Church history tells us that the charge pietistic reformers level against the church is that the church practices “dead orthodoxy.” Some years ago I hosted a pastor’s meeting at which pastors could discuss theological ideas. Position papers were presented and then critiqued by the group. Some of the pastors came from the Charismatic movement (also pietistic). A common theme from the Charismatic pastors was their distain for doctrine. Because theirs was a reform movement, they were fighting “dead orthodoxy.”

I spoke after one of our meetings with a pastor who told me that when he was a Lutheran, reciting creeds and doctrines caused him to be spiritually dead. I responded, “So believing that Jesus Christ is God Incarnate, who lived a sinless life, who died for sins and was raised on the third day and bodily ascended into heaven killed you spiritually?” He said, “I didn’t really believe those things.” He had assumed that the cause of his unbelief was not sin, but a church that recited creeds. I believe that it is much better to preach those doctrines from the pulpit and call for people to repent and turn to Christ than to make recitation part of a liturgy. But nevertheless the creeds were not the problem, unbelief was.

Christian orthodoxy simply means holding to the true beliefs revealed in Scripture. These beliefs are often systematized as topical teachings such as the doctrine of Christ, the doctrine of the Trinity, the doctrine of justification, and so on. Genuine faith in the truth of the gospel is saving faith. No one having saving faith is “dead.” In Ephesians 2:1-8 Paul teaches that we were dead, but that God made us alive, and that He did so by grace through faith. It is also true that where genuine saving faith exists, it produces evidence in the lives of those who have it as Paul asserts in Ephesians 2:10. So when James says that faith without works is dead, he refers to something other than the type of faith that Paul says is a work of grace. It is the type of faith demons have (see James 2:17-19). In the gospel of John, John uses the term “believe” in two ways.24 There are those, for example, who “believed” in John 8:30 but when confronted with their need to be set free began to debate Jesus and later accused him of sin (see John 8:31-47). Jesus told them they were definitely not from God. But in many other places in John those who believe are true believers who have eternal life.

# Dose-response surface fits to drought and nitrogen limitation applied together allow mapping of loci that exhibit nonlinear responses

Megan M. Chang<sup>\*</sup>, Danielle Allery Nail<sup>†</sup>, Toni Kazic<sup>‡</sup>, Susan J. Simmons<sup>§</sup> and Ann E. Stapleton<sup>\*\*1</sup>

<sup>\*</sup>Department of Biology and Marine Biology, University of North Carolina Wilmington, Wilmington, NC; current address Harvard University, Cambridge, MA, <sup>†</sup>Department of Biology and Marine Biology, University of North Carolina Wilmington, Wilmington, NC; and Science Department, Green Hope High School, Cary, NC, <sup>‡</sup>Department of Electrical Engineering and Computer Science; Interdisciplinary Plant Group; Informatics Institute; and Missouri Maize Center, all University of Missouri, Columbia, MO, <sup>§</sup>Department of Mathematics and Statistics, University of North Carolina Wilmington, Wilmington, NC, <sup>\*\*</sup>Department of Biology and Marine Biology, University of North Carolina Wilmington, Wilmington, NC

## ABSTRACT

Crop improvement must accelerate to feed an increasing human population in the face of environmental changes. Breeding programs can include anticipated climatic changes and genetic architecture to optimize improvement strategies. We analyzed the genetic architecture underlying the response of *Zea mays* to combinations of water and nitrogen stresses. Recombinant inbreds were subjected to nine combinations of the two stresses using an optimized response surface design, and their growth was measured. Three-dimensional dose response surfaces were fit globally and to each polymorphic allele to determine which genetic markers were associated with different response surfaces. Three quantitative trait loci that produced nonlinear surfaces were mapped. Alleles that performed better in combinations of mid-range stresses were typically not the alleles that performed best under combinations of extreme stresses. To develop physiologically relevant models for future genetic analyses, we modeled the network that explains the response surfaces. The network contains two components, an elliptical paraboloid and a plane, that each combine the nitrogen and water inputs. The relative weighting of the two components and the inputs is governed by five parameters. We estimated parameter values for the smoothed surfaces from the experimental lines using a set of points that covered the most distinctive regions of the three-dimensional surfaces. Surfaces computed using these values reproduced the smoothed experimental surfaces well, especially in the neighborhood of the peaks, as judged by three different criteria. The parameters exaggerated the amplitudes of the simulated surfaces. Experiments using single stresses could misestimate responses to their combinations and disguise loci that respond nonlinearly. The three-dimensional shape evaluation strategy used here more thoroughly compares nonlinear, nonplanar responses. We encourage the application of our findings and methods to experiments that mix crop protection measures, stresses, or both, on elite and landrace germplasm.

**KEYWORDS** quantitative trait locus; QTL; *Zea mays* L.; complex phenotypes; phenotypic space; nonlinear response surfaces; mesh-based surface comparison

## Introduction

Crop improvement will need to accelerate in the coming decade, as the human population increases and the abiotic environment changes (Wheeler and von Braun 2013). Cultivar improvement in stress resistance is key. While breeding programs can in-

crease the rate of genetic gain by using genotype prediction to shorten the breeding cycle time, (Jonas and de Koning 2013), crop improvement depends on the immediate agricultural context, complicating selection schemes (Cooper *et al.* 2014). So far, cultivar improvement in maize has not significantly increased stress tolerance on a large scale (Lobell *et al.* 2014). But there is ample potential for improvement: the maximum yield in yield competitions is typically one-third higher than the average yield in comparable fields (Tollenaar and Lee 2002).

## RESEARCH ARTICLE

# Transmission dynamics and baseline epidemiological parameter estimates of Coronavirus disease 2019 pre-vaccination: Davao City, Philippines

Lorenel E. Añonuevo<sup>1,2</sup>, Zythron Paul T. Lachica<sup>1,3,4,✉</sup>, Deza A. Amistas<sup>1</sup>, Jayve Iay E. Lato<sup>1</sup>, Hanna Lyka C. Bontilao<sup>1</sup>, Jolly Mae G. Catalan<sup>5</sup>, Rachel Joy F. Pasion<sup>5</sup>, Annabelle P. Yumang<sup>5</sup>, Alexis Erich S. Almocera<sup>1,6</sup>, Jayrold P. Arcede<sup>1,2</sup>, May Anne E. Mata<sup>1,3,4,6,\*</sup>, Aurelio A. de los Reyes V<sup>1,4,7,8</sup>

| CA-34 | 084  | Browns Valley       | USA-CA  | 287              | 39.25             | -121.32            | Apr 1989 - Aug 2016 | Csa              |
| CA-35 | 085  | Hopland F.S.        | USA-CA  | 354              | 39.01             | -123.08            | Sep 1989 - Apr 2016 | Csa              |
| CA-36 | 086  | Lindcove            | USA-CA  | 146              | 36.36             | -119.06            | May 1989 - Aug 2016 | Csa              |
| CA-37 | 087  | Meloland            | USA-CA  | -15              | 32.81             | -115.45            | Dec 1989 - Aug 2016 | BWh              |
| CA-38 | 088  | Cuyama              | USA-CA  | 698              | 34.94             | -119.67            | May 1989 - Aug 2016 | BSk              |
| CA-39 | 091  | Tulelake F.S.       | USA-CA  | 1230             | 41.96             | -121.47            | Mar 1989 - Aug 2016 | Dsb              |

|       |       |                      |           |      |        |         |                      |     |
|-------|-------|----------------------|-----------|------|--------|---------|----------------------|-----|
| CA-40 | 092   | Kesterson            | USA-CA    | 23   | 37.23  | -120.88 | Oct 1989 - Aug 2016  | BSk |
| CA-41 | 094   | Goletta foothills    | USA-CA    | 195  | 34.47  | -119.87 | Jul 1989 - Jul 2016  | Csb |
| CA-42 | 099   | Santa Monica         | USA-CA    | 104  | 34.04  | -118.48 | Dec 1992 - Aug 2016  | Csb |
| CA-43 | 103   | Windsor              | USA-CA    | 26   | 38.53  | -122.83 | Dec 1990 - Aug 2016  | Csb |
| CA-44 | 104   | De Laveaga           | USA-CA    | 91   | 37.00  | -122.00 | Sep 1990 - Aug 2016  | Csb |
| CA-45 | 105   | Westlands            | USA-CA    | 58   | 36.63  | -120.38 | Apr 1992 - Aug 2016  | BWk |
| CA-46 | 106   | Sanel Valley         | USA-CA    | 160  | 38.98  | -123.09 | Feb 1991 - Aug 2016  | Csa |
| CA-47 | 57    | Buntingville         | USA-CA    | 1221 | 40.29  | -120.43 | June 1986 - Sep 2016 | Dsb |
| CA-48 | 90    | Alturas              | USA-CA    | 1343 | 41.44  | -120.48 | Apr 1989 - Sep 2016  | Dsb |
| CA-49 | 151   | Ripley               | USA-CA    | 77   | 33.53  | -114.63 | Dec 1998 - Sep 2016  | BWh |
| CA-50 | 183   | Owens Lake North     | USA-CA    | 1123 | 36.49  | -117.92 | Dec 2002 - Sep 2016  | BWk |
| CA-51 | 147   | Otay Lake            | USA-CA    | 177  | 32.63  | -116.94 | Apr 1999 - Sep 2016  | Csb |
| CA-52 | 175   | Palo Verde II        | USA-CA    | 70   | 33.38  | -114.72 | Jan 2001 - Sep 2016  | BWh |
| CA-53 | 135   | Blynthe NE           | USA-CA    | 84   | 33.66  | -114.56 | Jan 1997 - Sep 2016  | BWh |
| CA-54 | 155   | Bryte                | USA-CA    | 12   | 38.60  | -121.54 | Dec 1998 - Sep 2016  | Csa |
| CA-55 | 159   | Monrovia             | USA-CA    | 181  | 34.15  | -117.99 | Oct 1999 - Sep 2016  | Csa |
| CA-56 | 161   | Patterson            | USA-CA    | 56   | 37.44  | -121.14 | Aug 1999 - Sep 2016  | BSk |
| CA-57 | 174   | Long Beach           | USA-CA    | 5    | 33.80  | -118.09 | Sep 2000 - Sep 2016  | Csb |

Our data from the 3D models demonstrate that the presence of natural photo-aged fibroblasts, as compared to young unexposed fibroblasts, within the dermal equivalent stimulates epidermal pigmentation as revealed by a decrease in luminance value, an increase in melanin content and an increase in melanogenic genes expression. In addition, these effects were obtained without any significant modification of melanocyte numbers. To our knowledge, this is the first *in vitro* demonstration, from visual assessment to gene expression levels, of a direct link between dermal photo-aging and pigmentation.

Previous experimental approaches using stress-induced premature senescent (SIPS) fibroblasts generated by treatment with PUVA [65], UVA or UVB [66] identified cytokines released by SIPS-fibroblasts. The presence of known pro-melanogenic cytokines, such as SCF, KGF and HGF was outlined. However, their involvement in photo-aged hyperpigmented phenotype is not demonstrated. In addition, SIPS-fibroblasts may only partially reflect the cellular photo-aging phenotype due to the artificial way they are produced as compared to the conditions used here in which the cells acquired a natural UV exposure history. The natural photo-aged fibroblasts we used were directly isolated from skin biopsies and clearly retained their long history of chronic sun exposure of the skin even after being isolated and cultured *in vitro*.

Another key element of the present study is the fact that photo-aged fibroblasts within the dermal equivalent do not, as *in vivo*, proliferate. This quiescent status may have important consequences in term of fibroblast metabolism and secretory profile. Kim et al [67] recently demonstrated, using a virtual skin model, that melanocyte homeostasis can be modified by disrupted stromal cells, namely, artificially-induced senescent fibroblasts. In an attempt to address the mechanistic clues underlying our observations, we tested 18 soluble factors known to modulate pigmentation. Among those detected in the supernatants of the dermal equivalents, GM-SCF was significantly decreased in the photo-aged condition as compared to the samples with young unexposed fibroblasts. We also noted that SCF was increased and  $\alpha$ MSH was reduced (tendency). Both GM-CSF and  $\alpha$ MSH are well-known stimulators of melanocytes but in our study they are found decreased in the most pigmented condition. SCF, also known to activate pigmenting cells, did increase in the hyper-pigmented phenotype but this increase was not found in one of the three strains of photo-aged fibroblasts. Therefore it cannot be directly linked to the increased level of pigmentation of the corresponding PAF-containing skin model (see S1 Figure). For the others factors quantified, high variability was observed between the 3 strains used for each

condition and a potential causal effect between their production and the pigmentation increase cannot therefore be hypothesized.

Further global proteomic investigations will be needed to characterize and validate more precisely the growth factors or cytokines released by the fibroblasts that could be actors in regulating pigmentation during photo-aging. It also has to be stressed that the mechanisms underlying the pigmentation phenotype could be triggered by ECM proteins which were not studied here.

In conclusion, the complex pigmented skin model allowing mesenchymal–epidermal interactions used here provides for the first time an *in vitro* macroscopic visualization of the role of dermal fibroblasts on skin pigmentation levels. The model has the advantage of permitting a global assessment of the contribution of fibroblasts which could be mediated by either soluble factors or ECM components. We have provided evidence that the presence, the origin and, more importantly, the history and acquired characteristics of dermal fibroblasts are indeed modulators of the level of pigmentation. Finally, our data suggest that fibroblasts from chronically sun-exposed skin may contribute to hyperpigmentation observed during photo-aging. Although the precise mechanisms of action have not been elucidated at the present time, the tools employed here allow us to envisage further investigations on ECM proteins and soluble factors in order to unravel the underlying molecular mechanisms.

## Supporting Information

My conclusion is that “dead orthodoxy” is orthodoxy that people might fight for because of parochial reasons (“this is our tradition and no one is going to change it”) but in which they put only mental assent faith. I gave mental assent to creeds when I was 12 years old because it was my duty to join the church at that age; but I was a dead sinner. But it most assuredly was not the truth contained in the creeds that killed me; it was my unbelief. Those “believers” in John 8 proved themselves to be unbelievers by refusing to become Jesus’ disciples, learn the truth, and be set free.

Pietism misdiagnoses the problem and creates a false solution. It sees a compromised church that is apparently caught in dead orthodoxy. The real problem is not dead orthodoxy but spiritually dead sinners who give mental assent to orthodox truth but show no signs of regeneration. If indeed such a church existed (if truth really is there God has His remnant there as well), that church would be characterized by worldliness and sin. This is the case because dead sinners do not bear spiritual fruit. There was a church in Revelation that Jesus called “dead.” Pietism that holds to the true gospel but goes beyond it imagining that the dead sinners who are church members are Christians. When some of them become regenerate through the efforts of the pietists, they assume they have now entered a higher class of Christianity. They posit two types of Christian: “carnal” Christians and “spiritual” Christians. But in reality there are only Christians and dead sinners.

Furthermore, pietism sees the lack of good fruit in the “dead orthodox” churches to be a sign that teaching doctrine is of no value and that what really matters is practice and not doctrine. So they gravitate to works righteousness. This is precisely the mode of the Emerging Church. It has been the approach of pietists throughout history. But works that do not result from a prior work of grace (which is the result of God’s work through the gospel to convert dead sinners) are in fact “dead works” no matter how pious they look. Mother Theresa did good works but denied the exclusive claims of the gospel. That “piety” is of no eternal value if those who were the recipients of the good works never hear or believe the gospel and thus end up in hell.

God’s revealed truth is never dead, but sometimes it falls on dead ears. In John 6 multitudes who were interested in following Jesus for bread left Him when He spoke the truth to them. The few who did not have dead ears were asked if they would leave too. Peter answered for the group: “Simon Peter answered Him, ‘Lord, to whom shall we go? You have words of eternal life. And we have believed and have come to know that You are the Holy One of God’” (John 6:68, 69). Genuine faith like that is not the domain of higher order pietists who learned the secrets of the deeper life, it is characteristic of every one of Christ’s true flock who ever exists. Pietists think that adding some man made process to what Christ has provided for all Christians throughout the centuries can cure a problem that never existed: being “dead” because of believing the truth. Instead of a cure, they create an illness as they lead people away from the finished work of Christ.

This article was excerpted from How Pietism Deceives Christians, an excellent and comprehensive article on pietism and its dangers.